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GeoLab

Seismology, volcanology, marine ecology, and oceanic conditions are key to understanding the future of our planet. The EllaLink GeoLab initiative aims to provide the scientific community with real-time, accurate and relevant data on seabed conditions along the EllaLink cable route. EllaLink is the first telecoms submarine cable in the world to integrate SMART cable concepts into their design.

The EllaLink cable runs across the Atlantic from Brazil to Portugal with branches to Madeira and Cabo Verde with future extensions to Canary Islands, French Guyana, Mauritania, Morocco and Southern Brazil. This route provides an excellent opportunity to use advanced in-fibre technologies to monitor both threats to the cable itself and provide valuable data on the wider ocean environment.

EllaLink GeoLab will be capable of supporting a range of sensing technologies, like Distributed Acoustic Sensing (DAS). Such a technology will turn the fibre optic cable into a sensor in its own right.  This will allow the monitoring of integrity threats to the subsea cable and associated infrastructure. These can come from:

  • Trawling activities
  • Anchor drops
  • Dredging activities
  • Vortex induced vibration

In addition, technologies such as DAS can detect earthquakes and measure oceanographic conditions such as;

  • Ocean currents
  • Seabed rockslides etc
  • Monitoring mammal activities.

DAS is a coherent OTDR technique where phase modulations of the reflected signal are measured. Any change in fibre strain results in an optical phase delay of light propagating in the strained section of the fibre. Therefore, DAS represents a technique for dynamic monitoring of strain distribution along an optical fibre.  These technologies have been tested in-field over short periods and have demonstrated the ability to detect passing large vessels tens of kilometres away and trawler activity more than a kilometre away. In areas of low environmental noise DAS has the potential to detect micro-earthquakes which may provide early warnings of under-sea earthquakes and landslips that generate Tsunami risks.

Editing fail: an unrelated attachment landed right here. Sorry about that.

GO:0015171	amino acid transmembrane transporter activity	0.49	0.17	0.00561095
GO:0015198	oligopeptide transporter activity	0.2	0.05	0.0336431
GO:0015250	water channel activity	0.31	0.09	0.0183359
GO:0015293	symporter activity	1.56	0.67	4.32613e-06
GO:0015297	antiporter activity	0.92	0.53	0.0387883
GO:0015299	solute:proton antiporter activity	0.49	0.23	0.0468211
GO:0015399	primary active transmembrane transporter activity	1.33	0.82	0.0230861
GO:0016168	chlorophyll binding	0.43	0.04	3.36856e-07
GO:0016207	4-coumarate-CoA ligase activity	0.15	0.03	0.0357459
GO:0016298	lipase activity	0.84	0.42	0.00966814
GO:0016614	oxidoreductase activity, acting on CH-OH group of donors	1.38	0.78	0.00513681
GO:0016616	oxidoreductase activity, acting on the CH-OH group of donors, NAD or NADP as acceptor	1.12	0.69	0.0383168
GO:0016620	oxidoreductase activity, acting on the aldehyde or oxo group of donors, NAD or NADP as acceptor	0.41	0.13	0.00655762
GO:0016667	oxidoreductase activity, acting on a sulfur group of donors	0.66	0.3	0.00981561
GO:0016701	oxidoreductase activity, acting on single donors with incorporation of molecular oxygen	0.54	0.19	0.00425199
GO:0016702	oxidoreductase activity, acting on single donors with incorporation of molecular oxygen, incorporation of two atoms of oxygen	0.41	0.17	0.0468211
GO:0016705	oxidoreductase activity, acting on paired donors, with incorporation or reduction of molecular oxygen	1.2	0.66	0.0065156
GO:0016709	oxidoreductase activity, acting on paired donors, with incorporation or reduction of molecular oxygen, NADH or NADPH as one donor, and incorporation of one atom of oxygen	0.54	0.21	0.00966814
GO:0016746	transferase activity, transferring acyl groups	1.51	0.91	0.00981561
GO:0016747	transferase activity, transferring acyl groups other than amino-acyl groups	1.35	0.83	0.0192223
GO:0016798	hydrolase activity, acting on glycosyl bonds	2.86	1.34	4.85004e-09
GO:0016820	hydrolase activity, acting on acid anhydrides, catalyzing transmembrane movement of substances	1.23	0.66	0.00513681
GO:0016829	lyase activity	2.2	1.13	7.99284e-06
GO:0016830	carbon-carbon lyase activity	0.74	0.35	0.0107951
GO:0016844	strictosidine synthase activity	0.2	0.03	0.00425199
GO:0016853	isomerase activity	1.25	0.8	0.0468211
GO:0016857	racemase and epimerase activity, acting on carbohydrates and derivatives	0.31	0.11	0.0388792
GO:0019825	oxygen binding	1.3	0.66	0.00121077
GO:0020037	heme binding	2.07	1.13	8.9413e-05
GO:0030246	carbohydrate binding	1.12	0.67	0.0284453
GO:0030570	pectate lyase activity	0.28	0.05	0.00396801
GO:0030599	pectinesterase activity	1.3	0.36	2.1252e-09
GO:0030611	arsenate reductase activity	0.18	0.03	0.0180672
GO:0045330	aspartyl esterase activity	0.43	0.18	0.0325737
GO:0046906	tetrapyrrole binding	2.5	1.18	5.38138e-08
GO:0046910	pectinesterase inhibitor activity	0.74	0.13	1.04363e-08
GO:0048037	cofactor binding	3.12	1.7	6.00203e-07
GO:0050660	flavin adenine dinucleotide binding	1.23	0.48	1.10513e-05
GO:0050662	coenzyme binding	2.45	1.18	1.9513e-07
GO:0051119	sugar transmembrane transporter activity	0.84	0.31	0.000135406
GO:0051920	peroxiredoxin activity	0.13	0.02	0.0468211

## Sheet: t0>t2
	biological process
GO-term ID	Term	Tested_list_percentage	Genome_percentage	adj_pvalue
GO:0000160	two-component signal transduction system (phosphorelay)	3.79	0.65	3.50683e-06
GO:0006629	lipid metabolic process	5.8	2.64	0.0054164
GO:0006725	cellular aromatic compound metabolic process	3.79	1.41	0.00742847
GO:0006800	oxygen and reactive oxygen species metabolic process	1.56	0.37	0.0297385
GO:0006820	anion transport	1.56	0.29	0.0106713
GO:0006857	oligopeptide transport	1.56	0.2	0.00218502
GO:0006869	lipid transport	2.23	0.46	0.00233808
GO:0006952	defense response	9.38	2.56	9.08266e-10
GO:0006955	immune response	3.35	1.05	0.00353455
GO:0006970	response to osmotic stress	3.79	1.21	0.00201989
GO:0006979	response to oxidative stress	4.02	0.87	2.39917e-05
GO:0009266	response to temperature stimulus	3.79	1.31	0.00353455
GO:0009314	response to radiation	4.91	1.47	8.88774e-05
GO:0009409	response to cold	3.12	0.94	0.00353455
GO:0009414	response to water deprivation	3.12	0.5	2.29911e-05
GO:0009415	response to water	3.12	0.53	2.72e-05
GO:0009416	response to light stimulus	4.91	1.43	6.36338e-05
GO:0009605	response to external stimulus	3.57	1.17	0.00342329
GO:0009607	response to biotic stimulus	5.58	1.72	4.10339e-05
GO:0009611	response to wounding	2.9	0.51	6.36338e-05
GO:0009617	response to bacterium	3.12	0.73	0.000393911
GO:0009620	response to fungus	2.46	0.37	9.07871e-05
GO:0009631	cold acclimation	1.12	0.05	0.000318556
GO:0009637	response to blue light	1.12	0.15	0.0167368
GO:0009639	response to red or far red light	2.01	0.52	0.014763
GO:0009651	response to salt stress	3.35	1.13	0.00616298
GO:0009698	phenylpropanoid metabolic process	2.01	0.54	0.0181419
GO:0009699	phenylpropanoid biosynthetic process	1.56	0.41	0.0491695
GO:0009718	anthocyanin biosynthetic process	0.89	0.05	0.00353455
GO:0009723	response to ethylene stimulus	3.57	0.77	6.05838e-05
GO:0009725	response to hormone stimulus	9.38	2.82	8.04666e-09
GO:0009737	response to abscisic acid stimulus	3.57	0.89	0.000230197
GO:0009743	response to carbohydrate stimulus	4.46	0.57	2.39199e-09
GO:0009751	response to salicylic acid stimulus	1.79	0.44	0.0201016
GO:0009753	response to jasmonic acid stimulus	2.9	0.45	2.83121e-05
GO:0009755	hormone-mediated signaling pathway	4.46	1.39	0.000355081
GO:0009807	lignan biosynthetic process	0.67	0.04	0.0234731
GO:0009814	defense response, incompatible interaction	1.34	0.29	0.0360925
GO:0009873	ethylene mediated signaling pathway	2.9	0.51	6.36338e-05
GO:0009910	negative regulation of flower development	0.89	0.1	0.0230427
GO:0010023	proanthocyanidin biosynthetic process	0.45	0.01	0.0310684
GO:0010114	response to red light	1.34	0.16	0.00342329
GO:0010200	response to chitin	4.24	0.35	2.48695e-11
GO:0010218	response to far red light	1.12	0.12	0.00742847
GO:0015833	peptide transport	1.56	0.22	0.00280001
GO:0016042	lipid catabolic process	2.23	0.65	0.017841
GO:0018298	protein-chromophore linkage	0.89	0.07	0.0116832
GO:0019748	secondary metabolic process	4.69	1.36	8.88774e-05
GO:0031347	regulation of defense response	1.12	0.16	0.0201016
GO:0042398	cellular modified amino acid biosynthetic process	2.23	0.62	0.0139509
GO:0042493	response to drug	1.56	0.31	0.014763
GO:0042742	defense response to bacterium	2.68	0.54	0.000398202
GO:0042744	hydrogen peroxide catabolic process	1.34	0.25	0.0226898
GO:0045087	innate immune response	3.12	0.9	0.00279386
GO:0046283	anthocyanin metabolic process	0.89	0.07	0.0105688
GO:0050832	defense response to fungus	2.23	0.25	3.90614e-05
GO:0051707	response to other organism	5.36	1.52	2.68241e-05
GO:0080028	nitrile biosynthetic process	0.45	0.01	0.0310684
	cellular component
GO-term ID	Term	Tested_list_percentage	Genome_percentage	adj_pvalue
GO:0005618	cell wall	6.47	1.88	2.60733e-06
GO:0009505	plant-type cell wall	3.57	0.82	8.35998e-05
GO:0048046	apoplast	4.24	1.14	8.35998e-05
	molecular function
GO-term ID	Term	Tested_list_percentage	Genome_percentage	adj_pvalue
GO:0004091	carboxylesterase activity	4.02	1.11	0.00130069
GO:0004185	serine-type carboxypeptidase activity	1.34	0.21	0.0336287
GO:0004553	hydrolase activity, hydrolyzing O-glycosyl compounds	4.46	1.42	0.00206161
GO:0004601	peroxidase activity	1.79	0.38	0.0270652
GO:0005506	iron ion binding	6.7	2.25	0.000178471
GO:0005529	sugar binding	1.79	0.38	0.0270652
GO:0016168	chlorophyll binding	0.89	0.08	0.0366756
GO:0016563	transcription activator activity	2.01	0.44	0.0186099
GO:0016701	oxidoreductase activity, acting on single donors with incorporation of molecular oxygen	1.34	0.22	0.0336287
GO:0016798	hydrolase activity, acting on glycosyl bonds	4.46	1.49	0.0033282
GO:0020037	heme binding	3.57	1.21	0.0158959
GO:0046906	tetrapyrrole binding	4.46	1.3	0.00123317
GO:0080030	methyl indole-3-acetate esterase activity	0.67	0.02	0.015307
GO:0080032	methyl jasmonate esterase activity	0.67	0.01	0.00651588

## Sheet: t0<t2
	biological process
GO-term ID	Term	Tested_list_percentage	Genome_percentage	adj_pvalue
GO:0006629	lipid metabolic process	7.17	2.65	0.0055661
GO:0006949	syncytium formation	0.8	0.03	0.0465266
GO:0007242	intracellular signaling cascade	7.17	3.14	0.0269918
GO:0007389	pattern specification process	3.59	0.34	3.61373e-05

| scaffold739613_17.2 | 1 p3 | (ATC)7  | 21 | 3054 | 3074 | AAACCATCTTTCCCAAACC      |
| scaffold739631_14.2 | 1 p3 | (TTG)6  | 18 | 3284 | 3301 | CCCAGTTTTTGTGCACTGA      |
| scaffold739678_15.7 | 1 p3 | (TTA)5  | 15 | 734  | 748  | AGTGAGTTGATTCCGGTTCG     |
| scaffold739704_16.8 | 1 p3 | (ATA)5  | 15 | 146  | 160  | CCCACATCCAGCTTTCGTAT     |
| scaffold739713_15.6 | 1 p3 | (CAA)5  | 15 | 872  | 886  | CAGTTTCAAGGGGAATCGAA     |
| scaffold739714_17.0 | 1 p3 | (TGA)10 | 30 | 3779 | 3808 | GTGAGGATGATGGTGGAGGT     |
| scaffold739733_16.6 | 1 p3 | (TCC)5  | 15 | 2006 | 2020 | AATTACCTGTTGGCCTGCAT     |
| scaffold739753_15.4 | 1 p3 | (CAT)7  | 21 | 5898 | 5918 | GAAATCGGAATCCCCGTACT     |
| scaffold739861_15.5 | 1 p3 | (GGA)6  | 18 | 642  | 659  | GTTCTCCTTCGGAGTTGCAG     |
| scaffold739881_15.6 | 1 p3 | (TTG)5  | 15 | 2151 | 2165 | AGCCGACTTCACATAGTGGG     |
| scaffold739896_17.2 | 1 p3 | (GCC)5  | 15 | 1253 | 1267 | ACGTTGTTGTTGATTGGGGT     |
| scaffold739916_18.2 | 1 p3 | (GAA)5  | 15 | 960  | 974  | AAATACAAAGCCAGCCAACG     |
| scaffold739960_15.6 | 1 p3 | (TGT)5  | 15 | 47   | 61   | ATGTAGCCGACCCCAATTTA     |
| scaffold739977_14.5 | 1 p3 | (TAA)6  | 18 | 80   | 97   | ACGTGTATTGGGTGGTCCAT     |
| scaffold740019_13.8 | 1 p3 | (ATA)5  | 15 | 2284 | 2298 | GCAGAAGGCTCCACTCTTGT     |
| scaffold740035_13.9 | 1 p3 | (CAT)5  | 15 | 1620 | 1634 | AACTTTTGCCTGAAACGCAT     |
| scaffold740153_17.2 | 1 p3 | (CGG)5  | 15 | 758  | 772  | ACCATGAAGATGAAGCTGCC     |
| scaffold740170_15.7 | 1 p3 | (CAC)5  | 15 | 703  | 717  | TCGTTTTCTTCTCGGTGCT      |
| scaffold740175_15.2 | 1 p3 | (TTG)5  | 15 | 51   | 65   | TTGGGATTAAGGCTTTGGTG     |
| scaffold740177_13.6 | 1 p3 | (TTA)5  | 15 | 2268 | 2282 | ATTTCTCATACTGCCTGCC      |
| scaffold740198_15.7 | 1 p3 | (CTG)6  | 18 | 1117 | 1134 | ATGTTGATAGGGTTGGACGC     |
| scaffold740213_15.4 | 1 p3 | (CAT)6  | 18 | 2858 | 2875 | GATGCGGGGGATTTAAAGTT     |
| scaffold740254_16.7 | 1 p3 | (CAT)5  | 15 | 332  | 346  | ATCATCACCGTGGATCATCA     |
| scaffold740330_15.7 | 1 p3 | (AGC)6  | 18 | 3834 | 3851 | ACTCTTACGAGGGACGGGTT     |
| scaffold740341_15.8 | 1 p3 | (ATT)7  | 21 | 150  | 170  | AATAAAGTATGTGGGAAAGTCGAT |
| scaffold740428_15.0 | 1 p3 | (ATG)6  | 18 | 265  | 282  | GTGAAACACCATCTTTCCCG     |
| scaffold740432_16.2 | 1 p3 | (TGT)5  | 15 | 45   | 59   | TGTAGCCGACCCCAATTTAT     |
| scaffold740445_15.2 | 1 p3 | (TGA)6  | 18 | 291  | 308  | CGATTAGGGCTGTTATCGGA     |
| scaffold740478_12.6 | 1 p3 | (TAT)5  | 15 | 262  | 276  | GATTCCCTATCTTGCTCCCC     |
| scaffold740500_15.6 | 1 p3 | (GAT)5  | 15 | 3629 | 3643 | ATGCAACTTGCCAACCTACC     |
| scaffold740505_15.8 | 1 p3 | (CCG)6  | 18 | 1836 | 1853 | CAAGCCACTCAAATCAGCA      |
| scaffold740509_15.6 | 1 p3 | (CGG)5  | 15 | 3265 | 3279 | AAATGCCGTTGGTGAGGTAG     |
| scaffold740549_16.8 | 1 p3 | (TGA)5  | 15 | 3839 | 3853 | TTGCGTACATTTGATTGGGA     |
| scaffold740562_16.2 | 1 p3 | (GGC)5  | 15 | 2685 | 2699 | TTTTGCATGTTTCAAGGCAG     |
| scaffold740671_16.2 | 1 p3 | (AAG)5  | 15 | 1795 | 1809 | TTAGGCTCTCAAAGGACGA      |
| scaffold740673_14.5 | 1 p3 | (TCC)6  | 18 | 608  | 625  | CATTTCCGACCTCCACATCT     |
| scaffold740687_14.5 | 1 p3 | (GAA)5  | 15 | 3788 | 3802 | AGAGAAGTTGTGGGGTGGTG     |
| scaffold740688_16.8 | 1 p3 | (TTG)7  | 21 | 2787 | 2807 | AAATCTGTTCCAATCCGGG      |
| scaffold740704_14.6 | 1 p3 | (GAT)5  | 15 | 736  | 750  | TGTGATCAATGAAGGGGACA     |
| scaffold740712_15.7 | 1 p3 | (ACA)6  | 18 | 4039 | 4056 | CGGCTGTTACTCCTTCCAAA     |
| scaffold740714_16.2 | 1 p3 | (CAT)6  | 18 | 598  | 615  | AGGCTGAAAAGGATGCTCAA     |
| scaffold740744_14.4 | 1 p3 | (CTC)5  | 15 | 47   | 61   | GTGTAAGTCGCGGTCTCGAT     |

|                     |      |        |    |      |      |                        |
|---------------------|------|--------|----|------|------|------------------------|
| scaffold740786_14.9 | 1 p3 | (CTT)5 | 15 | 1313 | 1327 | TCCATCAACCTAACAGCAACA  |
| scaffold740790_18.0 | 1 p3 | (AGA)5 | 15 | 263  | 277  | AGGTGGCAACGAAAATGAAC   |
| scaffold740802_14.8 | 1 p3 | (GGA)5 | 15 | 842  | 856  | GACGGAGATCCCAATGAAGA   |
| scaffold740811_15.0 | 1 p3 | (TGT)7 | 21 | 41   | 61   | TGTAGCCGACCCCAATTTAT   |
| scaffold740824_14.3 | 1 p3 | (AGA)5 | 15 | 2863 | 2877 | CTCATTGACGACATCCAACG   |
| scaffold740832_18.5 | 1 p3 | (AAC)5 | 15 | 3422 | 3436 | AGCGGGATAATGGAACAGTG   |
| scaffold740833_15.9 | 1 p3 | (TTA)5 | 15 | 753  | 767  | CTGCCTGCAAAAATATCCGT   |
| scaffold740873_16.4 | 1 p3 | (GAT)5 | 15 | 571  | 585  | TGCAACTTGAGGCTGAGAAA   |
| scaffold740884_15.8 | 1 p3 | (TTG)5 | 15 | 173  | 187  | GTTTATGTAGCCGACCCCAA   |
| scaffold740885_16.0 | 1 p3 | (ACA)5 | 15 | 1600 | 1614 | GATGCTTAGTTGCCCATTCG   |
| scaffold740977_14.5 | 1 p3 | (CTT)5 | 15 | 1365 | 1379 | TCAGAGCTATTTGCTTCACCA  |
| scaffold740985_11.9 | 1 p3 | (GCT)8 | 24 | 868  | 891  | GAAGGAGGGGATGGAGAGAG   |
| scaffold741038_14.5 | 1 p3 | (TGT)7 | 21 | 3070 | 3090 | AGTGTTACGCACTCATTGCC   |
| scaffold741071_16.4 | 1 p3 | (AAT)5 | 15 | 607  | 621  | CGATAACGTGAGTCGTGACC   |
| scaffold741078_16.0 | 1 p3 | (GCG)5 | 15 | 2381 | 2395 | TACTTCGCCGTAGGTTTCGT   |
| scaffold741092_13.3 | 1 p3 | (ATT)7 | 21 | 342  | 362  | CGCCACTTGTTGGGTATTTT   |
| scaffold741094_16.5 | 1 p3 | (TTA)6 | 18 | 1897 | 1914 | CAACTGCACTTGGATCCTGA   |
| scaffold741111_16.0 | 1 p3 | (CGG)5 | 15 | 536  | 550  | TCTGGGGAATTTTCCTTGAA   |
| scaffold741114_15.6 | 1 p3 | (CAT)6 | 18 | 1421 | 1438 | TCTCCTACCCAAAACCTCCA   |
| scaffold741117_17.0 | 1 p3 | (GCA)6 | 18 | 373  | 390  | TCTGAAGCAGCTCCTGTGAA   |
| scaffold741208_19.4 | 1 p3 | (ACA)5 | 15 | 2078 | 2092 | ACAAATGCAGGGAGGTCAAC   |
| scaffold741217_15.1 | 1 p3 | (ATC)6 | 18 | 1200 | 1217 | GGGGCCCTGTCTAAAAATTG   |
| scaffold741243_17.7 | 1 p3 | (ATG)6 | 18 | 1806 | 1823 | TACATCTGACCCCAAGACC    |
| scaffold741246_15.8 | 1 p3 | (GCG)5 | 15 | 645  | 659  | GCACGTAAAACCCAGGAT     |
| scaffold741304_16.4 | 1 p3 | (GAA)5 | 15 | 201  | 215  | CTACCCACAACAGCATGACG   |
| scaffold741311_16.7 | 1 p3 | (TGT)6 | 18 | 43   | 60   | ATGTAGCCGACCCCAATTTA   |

Seismology

Seismology is a scientific discipline that deals with the analysis, description, and measurement of natural and artificial seismic waves. By studying the waves seismologists can image the interior structure of the Earth, inferring composition, temperature and the distribution of fluids.

Done rapidly, this information can be used for tsunami early warning or to get a quick understanding of affected areas. Certainly they will even detect offshore earthquakes up to a few tens of seconds, warning before strong shaking begins.

Ocean Seabed interaction

The range of interactions with the seabed is diverse, with vertical and horizontal interactions with the seabed occurring. Even though horizontal ocean-seabed interactions are very difficult to observe without extensive local research at the relevant seabed location, with the right equipment, such interactions can be very easy to observe, as well as their impact on the surrounding areas.

Thus, it is possible to record the vibrations excited by the interaction of ocean currents and the seabed. By extracting the amplitude and frequency, it might be possible to understand the erosion of the seabed induced as a function of prevailing currents. Due to the fact that these effects only have been studied to a limited extent, GeoLab can contribute to the science of the underwater world and other effects of sea currents.

Importantly, by continuously recording the ambient noise excited by these processes we could be able to map minute changes (sub percent) in the elastic properties of the seabed. It is essencial that detailed research into ocean-ground interactions is carried out.That research is essencial to gain knowledge of the interactions between the seabed and the ocean, partly because these interact on the relief that is created.